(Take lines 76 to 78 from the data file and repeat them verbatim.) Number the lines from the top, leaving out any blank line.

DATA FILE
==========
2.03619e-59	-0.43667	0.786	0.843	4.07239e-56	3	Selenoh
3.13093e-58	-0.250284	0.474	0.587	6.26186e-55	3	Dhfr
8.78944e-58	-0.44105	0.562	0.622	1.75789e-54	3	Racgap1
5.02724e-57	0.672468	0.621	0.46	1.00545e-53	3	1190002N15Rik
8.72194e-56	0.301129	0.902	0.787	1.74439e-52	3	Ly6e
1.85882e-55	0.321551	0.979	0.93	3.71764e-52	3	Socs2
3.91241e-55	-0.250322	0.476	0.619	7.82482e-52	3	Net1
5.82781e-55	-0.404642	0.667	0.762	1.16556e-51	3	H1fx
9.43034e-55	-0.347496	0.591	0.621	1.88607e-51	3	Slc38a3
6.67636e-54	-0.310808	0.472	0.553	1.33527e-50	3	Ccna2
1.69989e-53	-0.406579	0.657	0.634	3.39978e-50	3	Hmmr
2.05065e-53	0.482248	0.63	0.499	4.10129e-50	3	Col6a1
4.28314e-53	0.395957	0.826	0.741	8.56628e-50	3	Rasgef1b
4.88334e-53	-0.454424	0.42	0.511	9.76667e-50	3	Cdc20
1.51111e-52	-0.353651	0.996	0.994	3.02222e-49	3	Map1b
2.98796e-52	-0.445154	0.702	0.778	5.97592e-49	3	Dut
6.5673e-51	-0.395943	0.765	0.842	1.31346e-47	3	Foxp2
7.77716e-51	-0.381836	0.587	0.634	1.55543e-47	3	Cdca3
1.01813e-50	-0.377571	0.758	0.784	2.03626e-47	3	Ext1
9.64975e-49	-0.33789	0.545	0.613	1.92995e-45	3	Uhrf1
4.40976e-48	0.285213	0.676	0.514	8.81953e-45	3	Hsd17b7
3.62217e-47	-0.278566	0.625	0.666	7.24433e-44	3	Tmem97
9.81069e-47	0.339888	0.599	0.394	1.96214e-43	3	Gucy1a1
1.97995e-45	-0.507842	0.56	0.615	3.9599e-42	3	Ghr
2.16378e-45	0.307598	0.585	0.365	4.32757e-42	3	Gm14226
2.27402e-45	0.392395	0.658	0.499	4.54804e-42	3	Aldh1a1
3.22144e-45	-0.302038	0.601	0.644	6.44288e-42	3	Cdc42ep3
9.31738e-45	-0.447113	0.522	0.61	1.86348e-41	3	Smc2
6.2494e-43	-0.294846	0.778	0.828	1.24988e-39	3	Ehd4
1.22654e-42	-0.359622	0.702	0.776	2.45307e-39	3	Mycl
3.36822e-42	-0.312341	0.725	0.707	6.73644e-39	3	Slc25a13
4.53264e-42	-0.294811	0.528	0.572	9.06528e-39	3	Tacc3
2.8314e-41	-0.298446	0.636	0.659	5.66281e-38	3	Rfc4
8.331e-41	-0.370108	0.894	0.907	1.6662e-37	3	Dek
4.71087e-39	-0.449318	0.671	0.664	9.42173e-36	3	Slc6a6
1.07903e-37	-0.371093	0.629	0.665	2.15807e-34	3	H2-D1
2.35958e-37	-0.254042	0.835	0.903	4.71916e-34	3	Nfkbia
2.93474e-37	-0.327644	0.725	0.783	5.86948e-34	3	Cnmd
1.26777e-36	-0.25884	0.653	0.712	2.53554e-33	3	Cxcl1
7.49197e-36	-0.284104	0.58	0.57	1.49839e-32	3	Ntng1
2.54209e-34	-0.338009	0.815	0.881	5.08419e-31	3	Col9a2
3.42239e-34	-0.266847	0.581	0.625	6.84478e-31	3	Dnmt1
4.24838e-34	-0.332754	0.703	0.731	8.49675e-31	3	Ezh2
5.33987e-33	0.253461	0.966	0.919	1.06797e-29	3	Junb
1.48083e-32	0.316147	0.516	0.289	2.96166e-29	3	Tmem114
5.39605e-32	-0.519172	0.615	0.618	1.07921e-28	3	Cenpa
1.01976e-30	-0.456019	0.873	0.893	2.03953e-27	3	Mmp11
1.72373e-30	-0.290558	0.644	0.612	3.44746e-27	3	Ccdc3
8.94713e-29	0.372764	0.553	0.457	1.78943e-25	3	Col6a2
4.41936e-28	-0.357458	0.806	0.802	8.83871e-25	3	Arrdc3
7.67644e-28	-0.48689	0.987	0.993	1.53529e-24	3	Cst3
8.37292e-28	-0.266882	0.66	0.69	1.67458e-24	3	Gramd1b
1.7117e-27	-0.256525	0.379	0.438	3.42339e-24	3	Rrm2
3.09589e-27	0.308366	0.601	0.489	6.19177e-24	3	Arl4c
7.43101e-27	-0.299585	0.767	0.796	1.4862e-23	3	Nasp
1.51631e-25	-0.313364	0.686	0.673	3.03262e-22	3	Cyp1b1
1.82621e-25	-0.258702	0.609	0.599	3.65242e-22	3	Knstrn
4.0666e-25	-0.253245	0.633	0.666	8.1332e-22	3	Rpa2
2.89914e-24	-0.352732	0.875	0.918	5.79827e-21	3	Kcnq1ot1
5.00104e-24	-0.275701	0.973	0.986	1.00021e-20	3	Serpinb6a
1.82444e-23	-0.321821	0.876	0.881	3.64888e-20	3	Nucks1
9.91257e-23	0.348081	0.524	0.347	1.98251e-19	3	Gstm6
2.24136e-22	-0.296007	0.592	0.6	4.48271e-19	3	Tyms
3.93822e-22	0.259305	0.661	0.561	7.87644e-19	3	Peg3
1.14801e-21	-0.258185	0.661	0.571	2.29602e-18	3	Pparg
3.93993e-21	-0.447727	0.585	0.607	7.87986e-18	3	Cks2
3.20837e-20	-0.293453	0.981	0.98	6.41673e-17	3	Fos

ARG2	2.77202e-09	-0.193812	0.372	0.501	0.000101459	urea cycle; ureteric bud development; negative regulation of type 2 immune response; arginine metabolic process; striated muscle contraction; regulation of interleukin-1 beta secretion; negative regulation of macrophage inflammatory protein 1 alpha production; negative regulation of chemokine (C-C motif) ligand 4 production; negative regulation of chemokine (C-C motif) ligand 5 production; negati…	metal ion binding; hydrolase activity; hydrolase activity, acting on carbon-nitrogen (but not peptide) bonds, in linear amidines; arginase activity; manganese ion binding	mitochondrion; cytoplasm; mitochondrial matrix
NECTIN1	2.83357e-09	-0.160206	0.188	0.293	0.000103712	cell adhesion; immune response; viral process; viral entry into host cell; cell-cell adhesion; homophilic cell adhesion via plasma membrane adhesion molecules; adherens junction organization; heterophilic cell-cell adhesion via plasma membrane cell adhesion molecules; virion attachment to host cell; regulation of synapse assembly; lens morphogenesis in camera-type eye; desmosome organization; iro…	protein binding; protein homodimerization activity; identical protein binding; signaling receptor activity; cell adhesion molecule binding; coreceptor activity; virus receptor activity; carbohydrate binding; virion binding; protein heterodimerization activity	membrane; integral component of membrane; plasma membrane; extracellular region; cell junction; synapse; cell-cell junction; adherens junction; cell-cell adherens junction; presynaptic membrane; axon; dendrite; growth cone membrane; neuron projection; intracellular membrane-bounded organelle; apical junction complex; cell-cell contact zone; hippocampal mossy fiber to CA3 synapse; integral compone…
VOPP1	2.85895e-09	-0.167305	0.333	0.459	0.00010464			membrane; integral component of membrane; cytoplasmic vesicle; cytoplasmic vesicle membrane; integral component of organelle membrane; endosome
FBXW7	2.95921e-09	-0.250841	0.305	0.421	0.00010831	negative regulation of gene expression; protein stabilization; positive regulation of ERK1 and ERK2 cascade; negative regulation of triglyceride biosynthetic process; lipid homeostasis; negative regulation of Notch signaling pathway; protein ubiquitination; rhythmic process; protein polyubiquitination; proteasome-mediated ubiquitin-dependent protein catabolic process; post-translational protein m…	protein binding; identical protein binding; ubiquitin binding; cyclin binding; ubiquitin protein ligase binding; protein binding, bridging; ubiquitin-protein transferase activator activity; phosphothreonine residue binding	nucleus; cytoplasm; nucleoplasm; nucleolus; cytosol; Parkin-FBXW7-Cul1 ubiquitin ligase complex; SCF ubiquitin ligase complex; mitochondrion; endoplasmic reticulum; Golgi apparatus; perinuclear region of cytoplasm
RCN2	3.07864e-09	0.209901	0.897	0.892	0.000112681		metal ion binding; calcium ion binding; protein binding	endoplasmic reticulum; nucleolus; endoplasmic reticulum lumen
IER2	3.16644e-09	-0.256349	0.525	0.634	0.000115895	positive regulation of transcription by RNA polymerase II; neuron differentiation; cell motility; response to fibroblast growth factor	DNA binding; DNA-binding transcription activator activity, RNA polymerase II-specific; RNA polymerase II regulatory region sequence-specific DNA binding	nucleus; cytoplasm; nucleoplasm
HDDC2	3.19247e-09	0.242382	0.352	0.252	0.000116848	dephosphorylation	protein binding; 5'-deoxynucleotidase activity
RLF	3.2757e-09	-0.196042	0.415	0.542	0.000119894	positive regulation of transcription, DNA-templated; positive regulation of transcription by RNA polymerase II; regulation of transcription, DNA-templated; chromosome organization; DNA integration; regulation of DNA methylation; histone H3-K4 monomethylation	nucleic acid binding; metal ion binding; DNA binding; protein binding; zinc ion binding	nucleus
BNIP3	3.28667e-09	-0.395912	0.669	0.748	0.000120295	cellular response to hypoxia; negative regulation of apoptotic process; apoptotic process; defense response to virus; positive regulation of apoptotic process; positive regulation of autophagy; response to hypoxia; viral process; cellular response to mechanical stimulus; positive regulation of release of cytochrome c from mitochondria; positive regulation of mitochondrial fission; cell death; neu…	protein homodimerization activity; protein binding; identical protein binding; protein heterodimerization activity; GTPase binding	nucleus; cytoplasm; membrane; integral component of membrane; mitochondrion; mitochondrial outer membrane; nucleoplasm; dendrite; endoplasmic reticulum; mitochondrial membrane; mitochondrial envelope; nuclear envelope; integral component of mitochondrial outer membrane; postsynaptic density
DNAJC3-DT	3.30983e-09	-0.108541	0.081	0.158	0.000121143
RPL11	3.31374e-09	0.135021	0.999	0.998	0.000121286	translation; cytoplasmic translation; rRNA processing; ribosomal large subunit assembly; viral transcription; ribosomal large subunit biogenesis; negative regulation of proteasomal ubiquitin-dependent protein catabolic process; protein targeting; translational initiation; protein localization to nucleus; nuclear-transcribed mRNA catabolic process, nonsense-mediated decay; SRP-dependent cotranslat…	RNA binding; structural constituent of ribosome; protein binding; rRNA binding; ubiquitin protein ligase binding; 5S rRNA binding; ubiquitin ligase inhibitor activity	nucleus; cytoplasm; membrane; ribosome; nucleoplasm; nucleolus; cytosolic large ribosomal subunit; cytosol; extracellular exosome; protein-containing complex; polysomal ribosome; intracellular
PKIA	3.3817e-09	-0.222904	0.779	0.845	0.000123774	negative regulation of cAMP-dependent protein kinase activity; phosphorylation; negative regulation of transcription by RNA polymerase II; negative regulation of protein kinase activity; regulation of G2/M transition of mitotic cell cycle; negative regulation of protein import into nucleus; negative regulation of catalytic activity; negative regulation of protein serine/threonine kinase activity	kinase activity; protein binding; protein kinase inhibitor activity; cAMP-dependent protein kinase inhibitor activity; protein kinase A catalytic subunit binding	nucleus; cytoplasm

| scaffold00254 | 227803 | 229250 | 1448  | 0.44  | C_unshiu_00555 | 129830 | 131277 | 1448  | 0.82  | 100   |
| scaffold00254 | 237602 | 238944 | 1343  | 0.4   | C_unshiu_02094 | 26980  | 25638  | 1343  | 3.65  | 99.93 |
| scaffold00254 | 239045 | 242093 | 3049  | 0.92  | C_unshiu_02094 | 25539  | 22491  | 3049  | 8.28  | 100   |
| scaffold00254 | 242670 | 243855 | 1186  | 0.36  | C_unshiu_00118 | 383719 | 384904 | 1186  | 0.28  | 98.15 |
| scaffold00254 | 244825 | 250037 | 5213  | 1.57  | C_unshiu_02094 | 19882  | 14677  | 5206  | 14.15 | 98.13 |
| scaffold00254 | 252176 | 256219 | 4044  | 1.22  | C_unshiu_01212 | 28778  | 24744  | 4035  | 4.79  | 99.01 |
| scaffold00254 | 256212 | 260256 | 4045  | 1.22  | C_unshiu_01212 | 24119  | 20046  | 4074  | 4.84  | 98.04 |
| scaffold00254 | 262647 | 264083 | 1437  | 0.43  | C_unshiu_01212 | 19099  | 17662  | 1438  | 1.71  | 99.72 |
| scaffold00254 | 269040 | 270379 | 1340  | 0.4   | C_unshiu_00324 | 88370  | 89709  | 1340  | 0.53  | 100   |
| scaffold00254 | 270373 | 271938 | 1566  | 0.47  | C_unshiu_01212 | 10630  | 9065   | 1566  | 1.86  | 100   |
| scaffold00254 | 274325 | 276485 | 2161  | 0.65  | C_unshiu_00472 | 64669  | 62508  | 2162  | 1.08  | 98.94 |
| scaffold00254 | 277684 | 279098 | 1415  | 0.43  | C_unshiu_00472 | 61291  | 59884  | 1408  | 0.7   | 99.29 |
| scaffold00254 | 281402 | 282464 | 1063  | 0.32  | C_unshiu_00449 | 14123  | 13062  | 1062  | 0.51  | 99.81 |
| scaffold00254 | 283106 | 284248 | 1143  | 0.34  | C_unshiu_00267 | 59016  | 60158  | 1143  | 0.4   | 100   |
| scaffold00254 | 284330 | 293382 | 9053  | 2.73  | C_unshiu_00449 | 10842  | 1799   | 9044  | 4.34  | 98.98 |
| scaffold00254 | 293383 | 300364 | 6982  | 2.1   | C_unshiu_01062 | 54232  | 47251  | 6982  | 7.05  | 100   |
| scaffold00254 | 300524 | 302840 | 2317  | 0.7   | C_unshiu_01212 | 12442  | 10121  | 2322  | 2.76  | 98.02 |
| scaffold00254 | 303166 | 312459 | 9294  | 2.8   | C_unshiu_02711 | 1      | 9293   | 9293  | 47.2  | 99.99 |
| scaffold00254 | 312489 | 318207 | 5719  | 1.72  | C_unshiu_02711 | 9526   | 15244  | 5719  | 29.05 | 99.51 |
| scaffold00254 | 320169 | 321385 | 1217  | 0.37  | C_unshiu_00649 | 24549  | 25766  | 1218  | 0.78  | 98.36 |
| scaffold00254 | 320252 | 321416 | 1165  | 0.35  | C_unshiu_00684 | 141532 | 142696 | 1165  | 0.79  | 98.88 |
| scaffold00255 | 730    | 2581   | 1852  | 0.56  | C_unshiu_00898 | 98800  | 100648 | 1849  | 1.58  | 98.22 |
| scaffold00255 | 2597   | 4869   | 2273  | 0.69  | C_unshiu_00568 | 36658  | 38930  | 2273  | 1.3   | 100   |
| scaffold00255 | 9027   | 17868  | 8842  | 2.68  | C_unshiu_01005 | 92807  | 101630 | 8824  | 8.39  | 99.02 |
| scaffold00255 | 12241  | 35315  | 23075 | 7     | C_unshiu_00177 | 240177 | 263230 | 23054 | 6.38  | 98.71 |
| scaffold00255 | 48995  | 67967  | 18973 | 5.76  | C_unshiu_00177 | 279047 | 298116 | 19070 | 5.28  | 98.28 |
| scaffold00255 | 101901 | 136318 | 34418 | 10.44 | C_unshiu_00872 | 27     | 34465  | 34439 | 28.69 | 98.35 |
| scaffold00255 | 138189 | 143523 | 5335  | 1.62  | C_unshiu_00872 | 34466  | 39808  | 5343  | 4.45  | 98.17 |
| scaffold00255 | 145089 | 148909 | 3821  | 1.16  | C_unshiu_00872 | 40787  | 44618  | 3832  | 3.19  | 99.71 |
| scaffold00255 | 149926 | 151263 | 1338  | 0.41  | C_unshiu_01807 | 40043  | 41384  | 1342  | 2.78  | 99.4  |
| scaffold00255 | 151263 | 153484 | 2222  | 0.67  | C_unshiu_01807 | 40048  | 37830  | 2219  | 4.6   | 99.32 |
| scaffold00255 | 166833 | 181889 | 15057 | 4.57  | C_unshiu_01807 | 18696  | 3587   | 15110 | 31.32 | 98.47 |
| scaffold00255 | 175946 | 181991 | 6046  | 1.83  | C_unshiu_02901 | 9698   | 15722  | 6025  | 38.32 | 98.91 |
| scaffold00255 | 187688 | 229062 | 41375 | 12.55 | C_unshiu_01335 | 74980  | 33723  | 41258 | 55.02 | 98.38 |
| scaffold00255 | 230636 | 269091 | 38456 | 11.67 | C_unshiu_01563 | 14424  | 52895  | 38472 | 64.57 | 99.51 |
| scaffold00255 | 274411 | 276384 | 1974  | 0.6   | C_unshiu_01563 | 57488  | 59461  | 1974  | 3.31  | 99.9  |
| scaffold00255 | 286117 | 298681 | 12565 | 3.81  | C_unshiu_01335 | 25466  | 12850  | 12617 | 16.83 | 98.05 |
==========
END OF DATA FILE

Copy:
BNIP3	3.28667e-09	-0.395912	0.669	0.748	0.000120295	cellular response to hypoxia; negative regulation of apoptotic process; apoptotic process; defense response to virus; positive regulation of apoptotic process; positive regulation of autophagy; response to hypoxia; viral process; cellular response to mechanical stimulus; positive regulation of release of cytochrome c from mitochondria; positive regulation of mitochondrial fission; cell death; neu…	protein homodimerization activity; protein binding; identical protein binding; protein heterodimerization activity; GTPase binding	nucleus; cytoplasm; membrane; integral component of membrane; mitochondrion; mitochondrial outer membrane; nucleoplasm; dendrite; endoplasmic reticulum; mitochondrial membrane; mitochondrial envelope; nuclear envelope; integral component of mitochondrial outer membrane; postsynaptic density
DNAJC3-DT	3.30983e-09	-0.108541	0.081	0.158	0.000121143
RPL11	3.31374e-09	0.135021	0.999	0.998	0.000121286	translation; cytoplasmic translation; rRNA processing; ribosomal large subunit assembly; viral transcription; ribosomal large subunit biogenesis; negative regulation of proteasomal ubiquitin-dependent protein catabolic process; protein targeting; translational initiation; protein localization to nucleus; nuclear-transcribed mRNA catabolic process, nonsense-mediated decay; SRP-dependent cotranslat…	RNA binding; structural constituent of ribosome; protein binding; rRNA binding; ubiquitin protein ligase binding; 5S rRNA binding; ubiquitin ligase inhibitor activity	nucleus; cytoplasm; membrane; ribosome; nucleoplasm; nucleolus; cytosolic large ribosomal subunit; cytosol; extracellular exosome; protein-containing complex; polysomal ribosome; intracellular